No mention of Kobe, here, haters. This is for all-time great...
LeBron closing in on Jordan
By John Hollinger
Normally at this time of year, we would be writing breathless articles about the MVP race, rallying our support behind one candidate or another and sifting through torrents of angry e-mails supporting that player's rivals.
Not this year.
The MVP race has been over since about mid-January. LeBron James has run so far away from the pack that he could shoot 0-for 0 from the field over his final eight games and still win the award going away. (For fun, I fact-checked this: Even with 100 straight misses, no assists and no rebounds in his next 200 minutes, he'd still lead the league in PER.)
Only two items of interest remain. First, will some sycophant homer screw up what should be a unanimous decision with a completely indefensible vote for his local guy? And second, is this the best individual season a player has ever had?
As you might suspect, today's topic deals with the second of those questions. Some of this may sound familiar, as this time a year ago I mentioned that James was en route to one of the best statistical seasons in history.
Here's the thing: This season, he's been better.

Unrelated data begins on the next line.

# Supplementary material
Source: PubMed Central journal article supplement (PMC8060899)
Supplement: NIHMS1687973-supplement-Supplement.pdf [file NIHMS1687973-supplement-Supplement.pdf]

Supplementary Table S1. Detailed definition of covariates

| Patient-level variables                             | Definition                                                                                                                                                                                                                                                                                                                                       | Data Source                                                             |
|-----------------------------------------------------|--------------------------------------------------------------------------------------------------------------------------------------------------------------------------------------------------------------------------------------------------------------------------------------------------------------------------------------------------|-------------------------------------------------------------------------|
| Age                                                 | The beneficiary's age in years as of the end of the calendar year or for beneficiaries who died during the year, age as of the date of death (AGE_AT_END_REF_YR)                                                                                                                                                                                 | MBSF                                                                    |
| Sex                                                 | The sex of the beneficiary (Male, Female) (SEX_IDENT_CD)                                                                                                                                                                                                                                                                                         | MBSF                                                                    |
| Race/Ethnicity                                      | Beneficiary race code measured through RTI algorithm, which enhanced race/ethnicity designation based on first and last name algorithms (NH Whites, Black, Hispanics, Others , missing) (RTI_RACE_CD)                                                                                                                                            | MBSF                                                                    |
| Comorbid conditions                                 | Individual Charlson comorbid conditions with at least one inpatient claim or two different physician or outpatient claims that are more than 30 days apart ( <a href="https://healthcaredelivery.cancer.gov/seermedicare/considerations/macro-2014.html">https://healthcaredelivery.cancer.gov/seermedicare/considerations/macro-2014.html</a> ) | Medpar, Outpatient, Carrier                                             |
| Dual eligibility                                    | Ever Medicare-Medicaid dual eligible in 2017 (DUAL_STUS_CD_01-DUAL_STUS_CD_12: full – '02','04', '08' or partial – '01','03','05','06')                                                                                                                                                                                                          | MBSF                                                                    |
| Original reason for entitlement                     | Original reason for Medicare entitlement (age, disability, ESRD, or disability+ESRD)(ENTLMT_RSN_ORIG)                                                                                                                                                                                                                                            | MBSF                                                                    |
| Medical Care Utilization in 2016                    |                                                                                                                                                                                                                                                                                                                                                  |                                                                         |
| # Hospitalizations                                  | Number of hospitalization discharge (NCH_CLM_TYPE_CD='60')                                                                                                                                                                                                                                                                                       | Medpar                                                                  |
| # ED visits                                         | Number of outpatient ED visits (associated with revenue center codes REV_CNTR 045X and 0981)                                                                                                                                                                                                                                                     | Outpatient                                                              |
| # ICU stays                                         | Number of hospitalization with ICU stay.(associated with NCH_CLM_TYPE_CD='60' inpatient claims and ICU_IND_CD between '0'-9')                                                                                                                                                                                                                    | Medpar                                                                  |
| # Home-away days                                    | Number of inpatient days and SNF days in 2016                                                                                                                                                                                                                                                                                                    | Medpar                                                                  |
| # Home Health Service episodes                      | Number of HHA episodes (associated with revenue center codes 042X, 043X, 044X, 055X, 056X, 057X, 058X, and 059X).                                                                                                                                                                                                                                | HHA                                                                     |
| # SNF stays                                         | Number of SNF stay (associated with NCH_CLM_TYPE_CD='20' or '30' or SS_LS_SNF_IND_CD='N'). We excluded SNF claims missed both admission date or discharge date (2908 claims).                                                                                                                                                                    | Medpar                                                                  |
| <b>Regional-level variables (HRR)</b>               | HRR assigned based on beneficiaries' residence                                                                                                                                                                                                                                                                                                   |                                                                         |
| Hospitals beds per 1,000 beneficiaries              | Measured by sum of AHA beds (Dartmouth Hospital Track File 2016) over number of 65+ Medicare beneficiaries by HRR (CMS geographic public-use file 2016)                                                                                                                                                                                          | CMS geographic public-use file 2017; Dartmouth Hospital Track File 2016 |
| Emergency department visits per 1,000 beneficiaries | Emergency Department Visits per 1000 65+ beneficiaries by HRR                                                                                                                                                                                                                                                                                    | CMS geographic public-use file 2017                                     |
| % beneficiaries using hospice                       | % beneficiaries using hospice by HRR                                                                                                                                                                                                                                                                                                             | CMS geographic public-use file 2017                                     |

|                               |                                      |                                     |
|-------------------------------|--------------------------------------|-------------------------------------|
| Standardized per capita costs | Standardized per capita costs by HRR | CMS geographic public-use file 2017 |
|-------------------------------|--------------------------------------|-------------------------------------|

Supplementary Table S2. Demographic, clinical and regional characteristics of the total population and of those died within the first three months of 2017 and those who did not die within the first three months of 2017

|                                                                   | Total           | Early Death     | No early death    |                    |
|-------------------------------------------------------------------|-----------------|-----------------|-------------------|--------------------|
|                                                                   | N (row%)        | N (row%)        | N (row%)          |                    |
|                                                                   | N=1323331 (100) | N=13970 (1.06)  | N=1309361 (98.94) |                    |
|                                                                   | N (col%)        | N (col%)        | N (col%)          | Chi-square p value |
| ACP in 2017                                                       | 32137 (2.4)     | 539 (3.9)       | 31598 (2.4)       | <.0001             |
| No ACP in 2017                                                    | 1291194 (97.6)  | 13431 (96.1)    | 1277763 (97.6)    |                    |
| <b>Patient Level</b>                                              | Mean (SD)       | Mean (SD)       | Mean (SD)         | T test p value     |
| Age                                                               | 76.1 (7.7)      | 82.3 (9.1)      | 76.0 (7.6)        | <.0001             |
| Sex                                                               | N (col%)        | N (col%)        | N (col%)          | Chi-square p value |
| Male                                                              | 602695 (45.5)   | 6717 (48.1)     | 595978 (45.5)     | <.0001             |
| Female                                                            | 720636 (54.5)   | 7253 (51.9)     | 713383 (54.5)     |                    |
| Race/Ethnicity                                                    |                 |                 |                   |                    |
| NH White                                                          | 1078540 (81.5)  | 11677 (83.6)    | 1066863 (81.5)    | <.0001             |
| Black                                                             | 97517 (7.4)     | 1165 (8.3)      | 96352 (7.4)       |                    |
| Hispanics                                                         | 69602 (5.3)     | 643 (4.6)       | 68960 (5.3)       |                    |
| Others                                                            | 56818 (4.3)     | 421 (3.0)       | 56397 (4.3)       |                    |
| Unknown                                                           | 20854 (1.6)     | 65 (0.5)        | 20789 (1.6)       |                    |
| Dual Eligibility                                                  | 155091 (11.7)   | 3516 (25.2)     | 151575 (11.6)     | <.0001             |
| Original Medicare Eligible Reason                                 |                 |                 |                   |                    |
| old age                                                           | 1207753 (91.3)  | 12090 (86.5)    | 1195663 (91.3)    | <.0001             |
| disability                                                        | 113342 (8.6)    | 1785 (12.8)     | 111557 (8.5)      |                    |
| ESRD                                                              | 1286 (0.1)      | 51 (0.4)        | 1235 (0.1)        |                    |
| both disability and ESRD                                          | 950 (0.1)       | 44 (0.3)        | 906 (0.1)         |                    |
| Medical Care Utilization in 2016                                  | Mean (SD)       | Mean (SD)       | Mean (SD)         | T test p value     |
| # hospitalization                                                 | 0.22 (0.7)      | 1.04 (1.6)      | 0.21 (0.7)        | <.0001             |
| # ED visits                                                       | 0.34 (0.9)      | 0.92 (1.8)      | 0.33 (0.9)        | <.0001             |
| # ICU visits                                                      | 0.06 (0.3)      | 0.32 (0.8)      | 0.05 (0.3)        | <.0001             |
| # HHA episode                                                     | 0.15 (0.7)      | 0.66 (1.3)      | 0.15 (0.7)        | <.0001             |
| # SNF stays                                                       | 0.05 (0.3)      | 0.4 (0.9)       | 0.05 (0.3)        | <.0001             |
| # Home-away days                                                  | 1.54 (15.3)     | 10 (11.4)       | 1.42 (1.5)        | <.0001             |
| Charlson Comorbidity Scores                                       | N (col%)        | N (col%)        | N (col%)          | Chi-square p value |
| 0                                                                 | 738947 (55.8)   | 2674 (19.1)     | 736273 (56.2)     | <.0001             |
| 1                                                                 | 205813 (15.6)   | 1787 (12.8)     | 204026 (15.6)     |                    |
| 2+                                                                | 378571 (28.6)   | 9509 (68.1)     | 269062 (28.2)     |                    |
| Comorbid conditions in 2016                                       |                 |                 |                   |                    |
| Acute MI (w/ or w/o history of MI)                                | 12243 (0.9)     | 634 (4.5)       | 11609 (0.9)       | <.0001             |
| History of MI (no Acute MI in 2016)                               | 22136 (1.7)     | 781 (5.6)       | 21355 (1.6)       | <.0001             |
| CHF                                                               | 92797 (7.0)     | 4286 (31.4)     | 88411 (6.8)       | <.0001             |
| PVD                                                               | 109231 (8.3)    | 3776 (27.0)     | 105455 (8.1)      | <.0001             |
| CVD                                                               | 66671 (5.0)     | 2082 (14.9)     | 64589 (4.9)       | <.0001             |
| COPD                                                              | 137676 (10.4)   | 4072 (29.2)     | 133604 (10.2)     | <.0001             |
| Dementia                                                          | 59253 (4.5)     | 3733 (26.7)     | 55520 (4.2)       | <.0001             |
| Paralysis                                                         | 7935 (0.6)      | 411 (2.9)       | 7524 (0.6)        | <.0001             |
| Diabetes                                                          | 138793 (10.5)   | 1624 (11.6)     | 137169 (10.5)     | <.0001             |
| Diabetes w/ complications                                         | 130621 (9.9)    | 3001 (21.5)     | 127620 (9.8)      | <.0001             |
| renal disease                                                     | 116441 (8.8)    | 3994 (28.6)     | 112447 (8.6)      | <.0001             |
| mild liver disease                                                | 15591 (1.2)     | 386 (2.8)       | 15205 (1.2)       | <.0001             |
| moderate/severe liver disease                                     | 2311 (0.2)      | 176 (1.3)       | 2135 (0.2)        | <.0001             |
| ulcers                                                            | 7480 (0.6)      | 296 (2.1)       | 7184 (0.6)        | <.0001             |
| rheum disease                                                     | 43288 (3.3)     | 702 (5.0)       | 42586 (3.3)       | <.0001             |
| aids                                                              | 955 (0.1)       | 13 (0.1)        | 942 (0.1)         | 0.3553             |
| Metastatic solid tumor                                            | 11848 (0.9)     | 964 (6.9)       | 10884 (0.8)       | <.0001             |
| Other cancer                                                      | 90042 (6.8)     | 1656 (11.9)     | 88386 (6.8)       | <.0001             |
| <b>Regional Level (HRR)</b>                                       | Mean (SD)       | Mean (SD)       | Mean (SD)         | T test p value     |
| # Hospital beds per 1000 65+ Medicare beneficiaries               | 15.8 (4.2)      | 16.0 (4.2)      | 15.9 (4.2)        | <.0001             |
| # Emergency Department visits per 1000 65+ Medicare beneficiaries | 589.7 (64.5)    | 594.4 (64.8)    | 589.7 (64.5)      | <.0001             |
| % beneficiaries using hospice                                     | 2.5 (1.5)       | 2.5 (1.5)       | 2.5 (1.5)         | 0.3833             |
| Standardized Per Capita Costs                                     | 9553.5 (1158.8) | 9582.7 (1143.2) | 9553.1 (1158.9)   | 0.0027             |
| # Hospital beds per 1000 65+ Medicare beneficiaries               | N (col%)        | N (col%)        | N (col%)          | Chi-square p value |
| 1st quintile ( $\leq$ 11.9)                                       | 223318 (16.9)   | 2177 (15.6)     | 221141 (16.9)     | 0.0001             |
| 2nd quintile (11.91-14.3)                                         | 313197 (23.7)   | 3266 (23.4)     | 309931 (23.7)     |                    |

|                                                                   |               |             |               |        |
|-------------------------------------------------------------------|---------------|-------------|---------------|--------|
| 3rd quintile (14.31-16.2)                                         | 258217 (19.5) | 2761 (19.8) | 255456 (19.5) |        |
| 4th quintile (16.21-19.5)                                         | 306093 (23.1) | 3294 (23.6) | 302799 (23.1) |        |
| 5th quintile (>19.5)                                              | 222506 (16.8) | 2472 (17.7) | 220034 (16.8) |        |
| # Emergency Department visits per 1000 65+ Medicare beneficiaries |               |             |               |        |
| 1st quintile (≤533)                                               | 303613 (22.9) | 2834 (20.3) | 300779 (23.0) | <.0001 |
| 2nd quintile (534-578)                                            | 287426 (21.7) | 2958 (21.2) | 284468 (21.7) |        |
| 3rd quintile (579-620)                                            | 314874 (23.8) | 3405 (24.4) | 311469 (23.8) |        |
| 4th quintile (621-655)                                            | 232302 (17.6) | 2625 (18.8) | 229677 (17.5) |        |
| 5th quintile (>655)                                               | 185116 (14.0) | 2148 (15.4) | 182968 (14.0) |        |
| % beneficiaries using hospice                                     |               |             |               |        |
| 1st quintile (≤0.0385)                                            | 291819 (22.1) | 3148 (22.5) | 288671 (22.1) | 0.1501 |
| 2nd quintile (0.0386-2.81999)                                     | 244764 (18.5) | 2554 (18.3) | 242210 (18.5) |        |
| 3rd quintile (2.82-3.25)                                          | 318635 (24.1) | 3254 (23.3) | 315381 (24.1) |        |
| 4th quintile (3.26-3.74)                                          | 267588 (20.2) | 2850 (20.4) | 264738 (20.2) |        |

Once again, a hallowed record (at least in my world) is in play for James as we enter the final eight games: He could surpass Michael Jordan's 1987-88 campaign for the greatest single-season PER in the modern era. I have to add the "modern" qualifier because the league didn't keep track of things like blocks and individual turnovers before 1973-74, rendering the PER exercise a guessing game for players from previous eras.
James' current PER of 31.81 is second best in "modern" history, and with eight games left (of which he'll probably play only five or six), he retains an outside shot at breaking Jordan's all-time mark of 31.89. At the very least, he's going to be within hailing distance.
Top All-time PER Seasons
Player Year PPG RPG APG MPG PER
Michael Jordan 1987-88 35.0 5.5 5.9 40.4 31.89
LeBron James 2009-10 29.8 7.2 8.6 39.0 31.81
Michael Jordan 1990-91 31.5 6.0 5.5 37.0 31.79
LeBron James 2008-09 28.4 7.6 7.2 38.6 31.76
Michael Jordan 1989-90 33.6 6.9 6.3 39.0 31.31
Michael Jordan 1988-89 32.5 8.0 8.0 40.2 31.29
Regardless, James will almost certainly set another record: The best two-year PER stretch of any player in history. James was no slouch last season, finishing at 31.76 for the third-best PER ever (well, until he bumped it down to fourth this season); combined, that gives him a two-year average of 31.78. The best Jordan mustered was 31.55.
Obviously, the larger James versus Jordan argument won't be much of a debate until LeBron picks up some hardware in the postseason. Nonetheless, I can't emphasize enough what an extraordinary accomplishment James' past two seasons represent. We've flinched at comparing current players to Jordan after several previous "next Jordans" were found wanting. But that has put up a mental barrier to a declaration that the numbers see as obvious: In terms of regular-season performance, we're watching the next Jordan.